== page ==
Monday, April 06, 2009

The How and Why Wonder Book of Chemistry Synopsis

I got an old book at a booksale titled "The How and Why Wonder Book of Chemistry." It first gives a history of alchemy (since alchemists were the first actual chemists). It talks about how the Ancient Greeks thought everything was made from the four elements: Earth, Air, Fire, Water. etc.

Here are the topics covered:

What is matter? Anything the has weight and can be seen or touched, like a book, ice cream, air, water, moon, stars. There are things that are not matter: heat, radio waves, ideas, and feelings for instance.

What are the three states of matter? Can something change from one state to another? Matter can be solid, liquid, and gas. (We'll introduce colloids later, right?) Showing ice, to water, to steam is a great way to show matter changing state. Dry ice with hot water poured over it is a great way to show a solid changing to gas. The bubbles in soda or sparkling water are another example of carbon dioxide gas.

What is a chemical element? A part so simple it cannot be divided into simpler parts. No matter how much alchemists tried to break some metals down even further, they saw that they never changed. Gold, silver, copper, iron, lead, tin are examples.

What are chemical compounds? Compounds are made by putting together chemical elements. Most things are compounds. Salt, water, vinegar, sugar, chalk are all compounds. Water is made from hydrogen and oxygen. But those two things alone won't make water. Chemical compounds usually use special means of combination. In the case of 2 parts hydrogen and 1 part oxygen, electricity can be applied and the resulting explosion allows the hydrogen and oxygen to combine to form water. We could see carbon dioxide forming when combining vinegar and baking soda by putting some vinegar in the bottom of a water bottle, putting some baking soda in a balloon, and fastening it onto the bottle top. Once it was on, we tipped up the balloon and as the two reacted, the balloon started to inflate with the carbon dioxide gas. The book goes on to talk about how some elements join so easily with other elements that they are hard to find in their 'pure' form, while others hardly ever react.

The next topic covered in the book are atoms and molecules. There is a pretty typical, incredible (and I mean that literally here since it cannot possibly be understood just from the description) size given. Molecules are made by atoms joining together--either with the same element or even hundreds of other atoms from different elements. Chemical compounds are made of molecules.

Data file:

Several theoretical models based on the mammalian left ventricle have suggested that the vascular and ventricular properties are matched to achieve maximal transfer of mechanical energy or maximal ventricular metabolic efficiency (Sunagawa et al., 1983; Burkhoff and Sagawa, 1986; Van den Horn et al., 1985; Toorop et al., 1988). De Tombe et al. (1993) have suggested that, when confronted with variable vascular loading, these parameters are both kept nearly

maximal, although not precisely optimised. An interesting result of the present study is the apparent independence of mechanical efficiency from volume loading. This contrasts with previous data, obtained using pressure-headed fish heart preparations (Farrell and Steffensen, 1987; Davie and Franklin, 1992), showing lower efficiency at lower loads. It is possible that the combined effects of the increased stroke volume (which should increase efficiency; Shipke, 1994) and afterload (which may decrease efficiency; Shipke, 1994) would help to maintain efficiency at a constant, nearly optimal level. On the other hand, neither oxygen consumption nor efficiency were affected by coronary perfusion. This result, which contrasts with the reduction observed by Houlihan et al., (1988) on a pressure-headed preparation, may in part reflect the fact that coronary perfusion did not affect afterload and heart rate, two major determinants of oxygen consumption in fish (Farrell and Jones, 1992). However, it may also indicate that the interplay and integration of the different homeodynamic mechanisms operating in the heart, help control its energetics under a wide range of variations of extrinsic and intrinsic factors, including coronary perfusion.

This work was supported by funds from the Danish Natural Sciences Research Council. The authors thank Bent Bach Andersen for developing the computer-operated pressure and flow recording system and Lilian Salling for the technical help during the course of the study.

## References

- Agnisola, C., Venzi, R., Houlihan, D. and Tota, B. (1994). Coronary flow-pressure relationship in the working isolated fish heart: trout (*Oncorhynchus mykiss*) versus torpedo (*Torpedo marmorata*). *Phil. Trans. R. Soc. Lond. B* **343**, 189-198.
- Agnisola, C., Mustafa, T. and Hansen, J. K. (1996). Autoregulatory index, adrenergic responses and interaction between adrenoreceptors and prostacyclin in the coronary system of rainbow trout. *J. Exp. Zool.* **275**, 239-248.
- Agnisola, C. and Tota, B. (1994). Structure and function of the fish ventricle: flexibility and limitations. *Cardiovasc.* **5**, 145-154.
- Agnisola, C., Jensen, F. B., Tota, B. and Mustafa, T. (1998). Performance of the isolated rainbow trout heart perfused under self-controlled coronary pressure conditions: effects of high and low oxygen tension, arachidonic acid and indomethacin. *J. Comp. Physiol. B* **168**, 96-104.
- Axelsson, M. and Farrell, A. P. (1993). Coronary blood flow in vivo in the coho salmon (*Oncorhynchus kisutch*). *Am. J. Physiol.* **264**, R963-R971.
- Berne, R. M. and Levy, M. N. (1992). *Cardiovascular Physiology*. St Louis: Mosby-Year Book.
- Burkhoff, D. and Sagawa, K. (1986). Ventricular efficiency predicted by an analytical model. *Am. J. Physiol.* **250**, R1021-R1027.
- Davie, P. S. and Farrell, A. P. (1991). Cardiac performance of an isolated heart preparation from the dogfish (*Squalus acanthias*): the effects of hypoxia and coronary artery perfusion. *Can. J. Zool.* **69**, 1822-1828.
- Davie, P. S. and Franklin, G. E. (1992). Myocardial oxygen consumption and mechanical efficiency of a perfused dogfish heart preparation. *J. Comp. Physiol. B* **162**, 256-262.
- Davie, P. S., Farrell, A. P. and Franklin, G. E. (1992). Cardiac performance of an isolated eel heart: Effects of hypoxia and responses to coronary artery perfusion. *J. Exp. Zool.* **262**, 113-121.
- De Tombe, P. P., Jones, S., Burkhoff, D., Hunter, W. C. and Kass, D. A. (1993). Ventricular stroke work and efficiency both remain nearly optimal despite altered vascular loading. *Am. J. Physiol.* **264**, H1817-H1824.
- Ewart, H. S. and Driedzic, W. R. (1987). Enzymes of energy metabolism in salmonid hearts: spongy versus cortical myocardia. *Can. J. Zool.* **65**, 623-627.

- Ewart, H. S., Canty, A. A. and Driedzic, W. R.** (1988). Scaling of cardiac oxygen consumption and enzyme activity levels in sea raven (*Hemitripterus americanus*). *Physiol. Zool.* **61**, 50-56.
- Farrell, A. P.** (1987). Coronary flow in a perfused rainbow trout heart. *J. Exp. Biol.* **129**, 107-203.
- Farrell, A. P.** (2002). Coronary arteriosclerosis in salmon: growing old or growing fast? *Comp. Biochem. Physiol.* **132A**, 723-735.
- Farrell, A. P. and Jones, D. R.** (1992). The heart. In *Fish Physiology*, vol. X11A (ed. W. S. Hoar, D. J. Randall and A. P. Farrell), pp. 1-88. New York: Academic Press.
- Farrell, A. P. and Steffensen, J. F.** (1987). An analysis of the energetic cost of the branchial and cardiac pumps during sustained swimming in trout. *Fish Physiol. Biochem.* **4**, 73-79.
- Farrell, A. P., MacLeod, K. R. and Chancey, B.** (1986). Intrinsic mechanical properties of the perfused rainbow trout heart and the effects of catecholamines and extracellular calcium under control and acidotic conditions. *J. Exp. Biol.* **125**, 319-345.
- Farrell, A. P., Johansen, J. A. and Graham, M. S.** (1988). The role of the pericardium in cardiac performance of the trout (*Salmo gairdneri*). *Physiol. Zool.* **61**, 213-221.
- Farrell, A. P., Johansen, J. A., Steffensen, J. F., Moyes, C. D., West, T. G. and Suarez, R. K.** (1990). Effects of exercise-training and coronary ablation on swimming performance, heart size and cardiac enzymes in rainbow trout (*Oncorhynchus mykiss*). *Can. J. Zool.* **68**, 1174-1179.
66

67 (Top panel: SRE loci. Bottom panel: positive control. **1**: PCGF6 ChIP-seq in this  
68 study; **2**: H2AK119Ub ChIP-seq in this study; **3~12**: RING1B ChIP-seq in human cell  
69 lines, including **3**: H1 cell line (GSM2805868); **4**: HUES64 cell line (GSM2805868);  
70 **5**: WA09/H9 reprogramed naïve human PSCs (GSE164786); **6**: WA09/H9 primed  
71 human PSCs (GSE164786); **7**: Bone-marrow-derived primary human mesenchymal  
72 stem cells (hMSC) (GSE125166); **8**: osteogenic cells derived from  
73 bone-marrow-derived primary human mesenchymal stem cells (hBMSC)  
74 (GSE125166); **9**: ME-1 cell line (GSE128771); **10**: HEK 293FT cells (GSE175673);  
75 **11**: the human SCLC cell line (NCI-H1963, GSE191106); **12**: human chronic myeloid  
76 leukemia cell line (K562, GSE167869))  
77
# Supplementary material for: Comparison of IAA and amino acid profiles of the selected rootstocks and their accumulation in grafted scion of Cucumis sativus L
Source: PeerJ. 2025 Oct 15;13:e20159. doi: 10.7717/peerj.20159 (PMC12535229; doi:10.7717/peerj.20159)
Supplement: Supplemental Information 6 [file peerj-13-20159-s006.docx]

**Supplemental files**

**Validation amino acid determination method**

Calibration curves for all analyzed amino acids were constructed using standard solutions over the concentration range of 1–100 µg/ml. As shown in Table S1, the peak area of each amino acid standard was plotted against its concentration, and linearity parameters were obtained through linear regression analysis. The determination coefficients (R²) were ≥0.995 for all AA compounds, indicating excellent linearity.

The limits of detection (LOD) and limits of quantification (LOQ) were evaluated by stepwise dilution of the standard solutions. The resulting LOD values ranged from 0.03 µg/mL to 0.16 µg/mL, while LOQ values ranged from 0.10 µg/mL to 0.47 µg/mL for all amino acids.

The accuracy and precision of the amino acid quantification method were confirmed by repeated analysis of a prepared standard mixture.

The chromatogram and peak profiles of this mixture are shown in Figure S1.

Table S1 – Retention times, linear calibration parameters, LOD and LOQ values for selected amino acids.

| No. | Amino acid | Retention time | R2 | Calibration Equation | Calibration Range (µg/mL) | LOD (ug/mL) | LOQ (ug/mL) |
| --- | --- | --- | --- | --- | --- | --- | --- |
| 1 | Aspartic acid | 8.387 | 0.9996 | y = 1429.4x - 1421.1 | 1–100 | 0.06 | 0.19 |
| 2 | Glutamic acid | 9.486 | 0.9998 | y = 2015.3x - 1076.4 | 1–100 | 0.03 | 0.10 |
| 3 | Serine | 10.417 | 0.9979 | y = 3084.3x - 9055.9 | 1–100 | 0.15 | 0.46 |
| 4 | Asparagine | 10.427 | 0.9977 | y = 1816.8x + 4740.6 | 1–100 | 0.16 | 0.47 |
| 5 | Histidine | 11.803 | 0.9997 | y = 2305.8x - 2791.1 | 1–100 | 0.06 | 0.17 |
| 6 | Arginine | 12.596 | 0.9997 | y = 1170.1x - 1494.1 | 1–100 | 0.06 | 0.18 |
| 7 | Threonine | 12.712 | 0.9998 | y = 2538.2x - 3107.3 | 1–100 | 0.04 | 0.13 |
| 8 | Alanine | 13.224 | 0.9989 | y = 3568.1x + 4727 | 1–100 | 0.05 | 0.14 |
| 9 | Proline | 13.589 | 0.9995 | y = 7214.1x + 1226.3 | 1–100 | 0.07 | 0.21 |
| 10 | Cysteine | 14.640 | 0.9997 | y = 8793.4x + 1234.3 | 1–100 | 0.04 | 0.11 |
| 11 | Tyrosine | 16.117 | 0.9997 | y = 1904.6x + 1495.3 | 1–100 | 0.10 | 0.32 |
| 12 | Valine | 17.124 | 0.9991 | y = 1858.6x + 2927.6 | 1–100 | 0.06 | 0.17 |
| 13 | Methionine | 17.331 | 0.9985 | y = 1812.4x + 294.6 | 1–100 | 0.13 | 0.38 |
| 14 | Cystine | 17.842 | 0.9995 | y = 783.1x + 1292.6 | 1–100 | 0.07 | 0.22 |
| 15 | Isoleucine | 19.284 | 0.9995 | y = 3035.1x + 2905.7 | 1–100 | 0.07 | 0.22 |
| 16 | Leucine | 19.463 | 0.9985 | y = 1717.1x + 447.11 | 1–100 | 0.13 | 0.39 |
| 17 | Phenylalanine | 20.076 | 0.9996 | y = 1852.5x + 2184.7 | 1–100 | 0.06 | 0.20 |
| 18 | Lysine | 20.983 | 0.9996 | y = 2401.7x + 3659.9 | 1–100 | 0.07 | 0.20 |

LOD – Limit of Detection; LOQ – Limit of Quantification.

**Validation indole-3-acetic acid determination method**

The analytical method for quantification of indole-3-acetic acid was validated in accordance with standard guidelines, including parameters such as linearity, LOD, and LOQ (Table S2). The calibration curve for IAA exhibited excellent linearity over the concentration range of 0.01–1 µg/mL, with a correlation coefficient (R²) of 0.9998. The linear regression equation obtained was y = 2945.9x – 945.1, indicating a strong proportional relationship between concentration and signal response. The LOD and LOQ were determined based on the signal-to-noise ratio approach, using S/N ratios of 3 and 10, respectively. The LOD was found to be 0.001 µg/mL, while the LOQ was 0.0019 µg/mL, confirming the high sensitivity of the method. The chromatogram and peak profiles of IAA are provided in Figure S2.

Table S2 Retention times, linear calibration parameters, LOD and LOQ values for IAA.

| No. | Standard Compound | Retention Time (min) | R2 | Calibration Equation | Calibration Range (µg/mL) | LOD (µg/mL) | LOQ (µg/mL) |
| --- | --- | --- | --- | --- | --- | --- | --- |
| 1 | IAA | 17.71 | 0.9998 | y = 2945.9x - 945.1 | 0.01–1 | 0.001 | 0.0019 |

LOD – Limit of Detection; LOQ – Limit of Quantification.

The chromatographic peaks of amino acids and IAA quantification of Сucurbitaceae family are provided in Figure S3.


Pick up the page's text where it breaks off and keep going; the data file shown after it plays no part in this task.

How do atoms combine? Atoms are attracted to each other like tiny magnets. Atoms can join in different combinations and in different patterns (a nice point to make). Some important arrangement patterns are atoms in a long line, a chain, or atoms in a circle, a ring.

What is a mixture? Take a handful of sugar and a handful of marbles and put them in a jar and then shake the jar up. Is this the same as a compound? No. Mixtures can be easily separated. In the case of salt water, the salt can be separated out by evaporating away the water. Compounds require a chemical reaction to be broken back into their constituent elements and that is a much more involved process.

How do chemists form new compounds? Different materials may each be dissolved in liquids and then the liquids could be mixed together.

The book then talks about taste (the importance of dissolving what is eaten in order to taste it), the discovery of phosphorous (urine and sand heated--and the book says they don't understand why he chose sand) and how it is necessary for health, that oxygen is the most abundat element and how it is isolated and how humans use oxygen in their bodies. The book also covers the hardness of diamonds, how graphite writes, making charcoal, where coal comes from and it's uses, and iron as an incredibly important element civilization, as well as steel. In a section of organic chemistry, the book covers why carbon molecules are so ubiquitous, plants and their food, chlorophyll as a catalyst (speeds up a chemical reaction without changing itself), the oxygen-carbon dioxide cycle, and proving that plants emit oxygen (an experiment is included). The book concludes by discussing some branches (at the time) of chemistry: agricultural and food chemistry, inorganic chemistry, biochemistry, and medical chemistry.

The final question in the book asks, "Is there still a need for new chemists today?" And the final concluding sentences: "Endless opportunities await the chemist to help make the world a more comfortable and more humane place in which to live. This is the noble purpose of chemistry."

UPDATE:

From a question brought up in the comments:

The book is definitely meant for a young audience. I'd say around elementary age. Since my own kids are still in elementary, I haven't started collecting older texts yet. Though I did pick up a college chemistry textbook at a library sale.

The book was published in 1960, so the illustrations are four colors at best. Because it is meant for a younger audience, it includes illustrations on every page.

2 comments:

Brad Williams said...

Thank you for sharing this book review, Kim. How are the visuals in the book? And what is the writing level, is it meant as a high school text?

Regards,
Brad Williams

Kim said...

The book is definitely meant for a young audience. I'd say around elementary age. Since my own kids are still in elementary, I haven't started collecting older texts yet. Though I did pick up a college chemistry textbook at a library sale.

The book was published in 1960, so the illustrations are four colors at best. Because it is meant for a younger audience, it includes illustrations on every page.